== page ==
Receipts, typically a scrap of paper many shoppers throw away, can be easily reimagined as a tool to improve customer engagement, says Jack Dorsey, CEO of Square.
Today, most receipts are not useful for either the merchant or the consumer, says Dorsey. Square is working to "see the receipt more as a communication tool as a publishing mechanism...or something customers want to engage with," Dorsey says.
By sending digital receipts to the shopper's phone, a merchant can continue the interaction with the consumer even after the sale is completed, Dorsey says. He spoke during a keynote session Jan. 15 at the National Retail Federation's 103rd annual conference and expo.
When consumers use Square Wallet, the company's cloud-based mobile payment app, they are already providing merchants with their name, photo and location. The app can communicate this information to a retailer when a consumer uses the app to "check in" to the store during a visit.
Once the consumer completes a purchase and exits the store, the merchant can send messages requesting a tip, sending offers or coupons, asking for feedback on social media and showing other products for sale, Dorsey says.
The financial services and retail industry has been too focused on transactions, which are "small atomic units" of commerce, Dorsey says. These units must be joined into one cohesive system, he says.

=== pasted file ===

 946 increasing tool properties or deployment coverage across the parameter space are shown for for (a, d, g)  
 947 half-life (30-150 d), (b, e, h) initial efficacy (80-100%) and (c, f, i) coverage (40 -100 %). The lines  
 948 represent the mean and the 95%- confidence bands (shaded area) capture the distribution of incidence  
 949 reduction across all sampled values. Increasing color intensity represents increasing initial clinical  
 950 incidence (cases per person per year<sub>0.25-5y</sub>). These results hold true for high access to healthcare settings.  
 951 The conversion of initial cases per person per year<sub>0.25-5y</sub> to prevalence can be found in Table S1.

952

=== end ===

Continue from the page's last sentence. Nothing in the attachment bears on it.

"When we started Square, we knew nothing about the financial services industry," Dorsey says.
Square's mobile card reader and app launched in 2008, when many micromerchants perceived card acceptance as too difficult or costly to set up. Over the years, Square has added features to expand its audience to include larger merchants, and in 2012 it received an investment from Starbucks and began processing payments for the coffee chain.
Excluding Starbucks, Square merchants receive one billion customer visits per year, Dorsey says.
Although Square has been focusing on improving its hardware and encouraging a market for accessories, the goal of its Square Wallet app is to make the hardware seem to disappear from the payment process.
Because Square Wallet communicates a shopper's presence to the merchant, a store's employee can call each consumer by name and know immediately what that person usually orders, says Dorsey. To a customer, "it's going to feel like a VIP experience," he says.
At the point of sale, the consumer doesn't need to pull out a card or smartphone to pay, as the app takes care of the purchase automatically after the cashier has rung in the order.
"That's what great technology does it allows the mechanical aspects of what we do every day to completely disappear," he says.